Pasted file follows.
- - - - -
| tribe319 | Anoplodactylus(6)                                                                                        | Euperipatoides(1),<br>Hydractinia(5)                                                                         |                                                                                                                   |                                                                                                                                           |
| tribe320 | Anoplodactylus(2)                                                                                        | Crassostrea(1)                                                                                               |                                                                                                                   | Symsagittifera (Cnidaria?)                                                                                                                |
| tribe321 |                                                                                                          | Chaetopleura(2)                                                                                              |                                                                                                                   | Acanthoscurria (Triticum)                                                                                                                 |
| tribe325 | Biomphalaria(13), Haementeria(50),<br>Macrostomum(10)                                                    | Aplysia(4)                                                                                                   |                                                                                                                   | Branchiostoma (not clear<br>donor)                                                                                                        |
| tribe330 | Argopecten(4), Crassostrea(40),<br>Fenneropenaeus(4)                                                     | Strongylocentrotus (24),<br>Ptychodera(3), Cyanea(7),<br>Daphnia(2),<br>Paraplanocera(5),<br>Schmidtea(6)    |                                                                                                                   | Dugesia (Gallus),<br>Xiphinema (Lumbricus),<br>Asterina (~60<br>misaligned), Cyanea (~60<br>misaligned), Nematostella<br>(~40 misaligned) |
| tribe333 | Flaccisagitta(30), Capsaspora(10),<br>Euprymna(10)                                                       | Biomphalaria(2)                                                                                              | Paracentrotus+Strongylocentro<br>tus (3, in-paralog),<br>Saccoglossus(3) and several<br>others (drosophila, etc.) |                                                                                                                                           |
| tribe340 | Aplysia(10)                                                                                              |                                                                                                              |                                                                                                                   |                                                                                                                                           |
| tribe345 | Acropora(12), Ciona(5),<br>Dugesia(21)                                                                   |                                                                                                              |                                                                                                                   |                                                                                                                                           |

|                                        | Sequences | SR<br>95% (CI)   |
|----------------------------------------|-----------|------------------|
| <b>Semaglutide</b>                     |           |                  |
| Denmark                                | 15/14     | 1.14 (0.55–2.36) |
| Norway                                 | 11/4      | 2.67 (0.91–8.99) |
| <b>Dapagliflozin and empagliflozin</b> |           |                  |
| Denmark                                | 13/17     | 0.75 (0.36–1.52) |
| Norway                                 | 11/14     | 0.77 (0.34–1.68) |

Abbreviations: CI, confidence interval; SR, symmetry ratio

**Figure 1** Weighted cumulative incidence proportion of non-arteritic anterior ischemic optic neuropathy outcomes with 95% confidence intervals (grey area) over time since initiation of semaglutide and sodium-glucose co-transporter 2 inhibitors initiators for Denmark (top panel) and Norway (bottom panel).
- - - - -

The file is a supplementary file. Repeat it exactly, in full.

| tribe319 | Anoplodactylus(6)                                                                                        | Euperipatoides(1),<br>Hydractinia(5)                                                                         |                                                                                                                   |                                                                                                                                           |
| tribe320 | Anoplodactylus(2)                                                                                        | Crassostrea(1)                                                                                               |                                                                                                                   | Symsagittifera (Cnidaria?)                                                                                                                |
| tribe321 |                                                                                                          | Chaetopleura(2)                                                                                              |                                                                                                                   | Acanthoscurria (Triticum)                                                                                                                 |
| tribe325 | Biomphalaria(13), Haementeria(50),<br>Macrostomum(10)                                                    | Aplysia(4)                                                                                                   |                                                                                                                   | Branchiostoma (not clear<br>donor)                                                                                                        |
| tribe330 | Argopecten(4), Crassostrea(40),<br>Fenneropenaeus(4)                                                     | Strongylocentrotus (24),<br>Ptychodera(3), Cyanea(7),<br>Daphnia(2),<br>Paraplanocera(5),<br>Schmidtea(6)    |                                                                                                                   | Dugesia (Gallus),<br>Xiphinema (Lumbricus),<br>Asterina (~60<br>misaligned), Cyanea (~60<br>misaligned), Nematostella<br>(~40 misaligned) |
| tribe333 | Flaccisagitta(30), Capsaspora(10),<br>Euprymna(10)                                                       | Biomphalaria(2)                                                                                              | Paracentrotus+Strongylocentro<br>tus (3, in-paralog),<br>Saccoglossus(3) and several<br>others (drosophila, etc.) |                                                                                                                                           |
| tribe340 | Aplysia(10)                                                                                              |                                                                                                              |                                                                                                                   |                                                                                                                                           |
| tribe345 | Acropora(12), Ciona(5),<br>Dugesia(21)                                                                   |                                                                                                              |                                                                                                                   |                                                                                                                                           |

|                                        | Sequences | SR<br>95% (CI)   |
|----------------------------------------|-----------|------------------|
| <b>Semaglutide</b>                     |           |                  |
| Denmark                                | 15/14     | 1.14 (0.55–2.36) |
| Norway                                 | 11/4      | 2.67 (0.91–8.99) |
| <b>Dapagliflozin and empagliflozin</b> |           |                  |
| Denmark                                | 13/17     | 0.75 (0.36–1.52) |
| Norway                                 | 11/14     | 0.77 (0.34–1.68) |

Abbreviations: CI, confidence interval; SR, symmetry ratio

**Figure 1** Weighted cumulative incidence proportion of non-arteritic anterior ischemic optic neuropathy outcomes with 95% confidence intervals (grey area) over time since initiation of semaglutide and sodium-glucose co-transporter 2 inhibitors initiators for Denmark (top panel) and Norway (bottom panel).